Fun_People Archive
25 Sep
Australian theme bars

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From: Peter Langston <psl>
Date: Thu, 25 Sep 97 17:15:02 -0700
To: Fun_People
Subject: Australian theme bars

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Excerpted-from: The Telegraph, London

Food and Drink: A real larynx-wobbler
Brace yourself for the next theme-bar wave -- stuffed wombats and
flavourless beer. But it's not proper Aussie drinking, says Richard Neill.

THEME bars come in waves. We've had the celebrity wave (Planet Hollywood),
the sports wave (Babe Ruth's, Football Football), and more recently the
all-saturating riddly-diddly Oirish wave. Now, just when you thought your
local boozer was safe, it's time to brace yourself, Sheila -- the Aussie
theme bar is coming to a street near you.

Like the Irish flood that preceded it, you can bet this latest deluge will
scar the urban landscape with naff interiors and flavourless beer. More
important, it is sure to deliver a warped vision of Australian life -- Down
Under seen through kitsch-tinted spectacles. As I found out last week, the
reality is very different, and infinitely more frightening. Real Aussies go
to Church.

Every Sunday morning more than 1,000 Antipodeans get out of bed (if they
managed to find one the night before), slip on some shorts (if they bothered
taking them off the night before) and head towards a warehouse in north
London. Their destination is an unadvertised event called the Church, their
goal is to convert a mountain of full beer cans into a carpet of crumpled
aluminium in just over three hours.

"My mum would be proud. I've rushed back from Spain to get to Church. I'm
religious about drinking," says Scottish traveller Ricky Dwyer, one of the
few Brits queuing to head indoors on a beautiful sunny day. "I've been to
that new Walkabout Inn, and the atmosphere is just not the same." Fifty
yards back, three women are standing with their rucksacks on their back.
"We've just got off the train, and didn't want to miss it," says Prue Taylor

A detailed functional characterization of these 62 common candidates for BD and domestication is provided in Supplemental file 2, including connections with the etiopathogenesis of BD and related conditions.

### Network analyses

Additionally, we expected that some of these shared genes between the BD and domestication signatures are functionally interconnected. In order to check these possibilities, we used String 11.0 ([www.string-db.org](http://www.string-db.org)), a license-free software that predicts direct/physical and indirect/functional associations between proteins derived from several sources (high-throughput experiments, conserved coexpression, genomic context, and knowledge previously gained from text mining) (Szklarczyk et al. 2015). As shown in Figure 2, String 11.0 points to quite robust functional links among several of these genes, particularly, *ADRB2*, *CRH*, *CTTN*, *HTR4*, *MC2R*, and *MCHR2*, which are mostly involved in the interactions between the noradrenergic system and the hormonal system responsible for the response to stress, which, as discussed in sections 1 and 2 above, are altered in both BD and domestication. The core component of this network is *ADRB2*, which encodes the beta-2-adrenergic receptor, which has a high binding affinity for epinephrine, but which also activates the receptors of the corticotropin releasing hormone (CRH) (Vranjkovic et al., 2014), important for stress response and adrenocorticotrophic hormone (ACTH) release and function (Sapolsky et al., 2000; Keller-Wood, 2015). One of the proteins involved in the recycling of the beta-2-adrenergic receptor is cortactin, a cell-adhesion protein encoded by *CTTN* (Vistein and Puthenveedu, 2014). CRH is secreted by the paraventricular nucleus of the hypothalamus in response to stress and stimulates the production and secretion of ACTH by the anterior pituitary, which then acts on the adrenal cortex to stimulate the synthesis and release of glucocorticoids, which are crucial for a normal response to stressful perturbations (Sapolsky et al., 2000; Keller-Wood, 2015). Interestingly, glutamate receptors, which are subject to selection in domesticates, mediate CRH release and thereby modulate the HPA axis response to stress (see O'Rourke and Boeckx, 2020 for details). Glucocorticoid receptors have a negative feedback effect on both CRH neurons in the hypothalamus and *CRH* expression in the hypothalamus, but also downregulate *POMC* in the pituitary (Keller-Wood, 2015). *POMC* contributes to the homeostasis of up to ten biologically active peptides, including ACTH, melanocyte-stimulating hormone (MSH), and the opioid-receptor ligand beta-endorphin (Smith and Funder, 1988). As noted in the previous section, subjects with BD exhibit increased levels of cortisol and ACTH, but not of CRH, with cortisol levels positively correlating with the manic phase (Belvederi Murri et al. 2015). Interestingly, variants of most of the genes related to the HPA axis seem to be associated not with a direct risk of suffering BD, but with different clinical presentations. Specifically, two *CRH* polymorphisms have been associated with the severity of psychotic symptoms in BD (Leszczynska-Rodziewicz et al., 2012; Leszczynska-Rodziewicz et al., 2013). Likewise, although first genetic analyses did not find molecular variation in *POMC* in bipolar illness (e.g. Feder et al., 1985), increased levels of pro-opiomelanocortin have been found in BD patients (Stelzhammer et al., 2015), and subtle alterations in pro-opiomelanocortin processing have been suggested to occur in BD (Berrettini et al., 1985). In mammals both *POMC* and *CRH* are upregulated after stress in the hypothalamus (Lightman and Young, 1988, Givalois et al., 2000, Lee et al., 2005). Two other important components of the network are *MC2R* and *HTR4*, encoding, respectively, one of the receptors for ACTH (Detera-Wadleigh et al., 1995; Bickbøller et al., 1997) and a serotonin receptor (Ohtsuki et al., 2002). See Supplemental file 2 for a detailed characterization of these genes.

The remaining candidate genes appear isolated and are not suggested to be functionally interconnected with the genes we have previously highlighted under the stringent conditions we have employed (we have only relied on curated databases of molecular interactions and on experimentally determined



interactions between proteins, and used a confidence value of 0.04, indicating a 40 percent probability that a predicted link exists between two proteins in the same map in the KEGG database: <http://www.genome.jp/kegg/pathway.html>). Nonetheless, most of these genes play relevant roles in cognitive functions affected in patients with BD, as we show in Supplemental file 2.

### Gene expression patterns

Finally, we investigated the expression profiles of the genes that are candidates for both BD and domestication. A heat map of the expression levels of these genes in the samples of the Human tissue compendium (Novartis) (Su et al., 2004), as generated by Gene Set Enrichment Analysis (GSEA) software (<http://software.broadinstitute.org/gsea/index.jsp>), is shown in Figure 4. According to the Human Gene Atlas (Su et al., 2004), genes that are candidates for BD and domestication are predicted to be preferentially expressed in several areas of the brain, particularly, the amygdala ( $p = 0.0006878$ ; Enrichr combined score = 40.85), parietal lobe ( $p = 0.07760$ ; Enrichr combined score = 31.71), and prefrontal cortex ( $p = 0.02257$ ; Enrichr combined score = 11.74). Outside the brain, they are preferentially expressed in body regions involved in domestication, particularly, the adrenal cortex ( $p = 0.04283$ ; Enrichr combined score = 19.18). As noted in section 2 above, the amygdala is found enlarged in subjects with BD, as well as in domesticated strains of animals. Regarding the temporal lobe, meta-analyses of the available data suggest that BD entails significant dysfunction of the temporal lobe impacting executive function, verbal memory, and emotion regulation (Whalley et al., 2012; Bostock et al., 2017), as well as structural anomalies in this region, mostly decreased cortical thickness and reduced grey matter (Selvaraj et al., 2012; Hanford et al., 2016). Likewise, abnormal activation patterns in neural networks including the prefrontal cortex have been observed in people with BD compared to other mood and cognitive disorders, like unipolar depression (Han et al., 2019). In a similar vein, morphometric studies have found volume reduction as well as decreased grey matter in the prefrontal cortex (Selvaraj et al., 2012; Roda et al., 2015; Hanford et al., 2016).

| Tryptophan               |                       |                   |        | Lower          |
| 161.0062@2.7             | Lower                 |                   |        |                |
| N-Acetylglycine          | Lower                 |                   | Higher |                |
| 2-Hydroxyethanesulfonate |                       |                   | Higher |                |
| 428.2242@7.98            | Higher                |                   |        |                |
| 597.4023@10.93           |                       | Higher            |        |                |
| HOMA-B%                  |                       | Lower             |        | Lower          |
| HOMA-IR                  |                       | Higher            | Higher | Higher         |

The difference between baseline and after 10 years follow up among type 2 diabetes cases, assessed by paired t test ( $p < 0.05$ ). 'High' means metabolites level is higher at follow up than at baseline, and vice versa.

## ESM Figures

from Albury, Australia. "This is my sister's first time -- she's a Church

That makes two of us, and I decide to find out what the initiation involves.
"We stick to the same running order each week," says head security man
Herman, who, in eight years as a Church Warden, has rarely needed to flex
his 36DD pecs in aggression. "1pm Unfurl the flags of Australia, New Zealand
and South Africa (old and new versions). 1.30pm Filthy comedian comes on.
2pm Stripper. 2.30pm Drinking Games. 3.30pm everybody out." Unfortunately,
I had missed last week's star attraction, Mr. Methane, a man with a
flatulent approach to theme tunes.

So, having traded in some beer vouchers (available only in multiples of
three cans) and found a clear patch of sawdust, I knock back a VB (that's
Victoria Bitter to the uninitiated) and make a brave but futile attempt not
to look like a pale-legged pommy wimp. I sing Two Little Boys with the gusto
of someone about to go into battle, dance with strangers around bin liners
filled with ice and beer, and sweat buckets into the muggy, hormone-heavy
air. It feels like one of those shows they used to put on for soldiers
serving in Vietnam, except here the grunts are hardened travellers and the
tour of duty is a one-year travel visa.

"I can't understand why the breweries haven't tapped into this market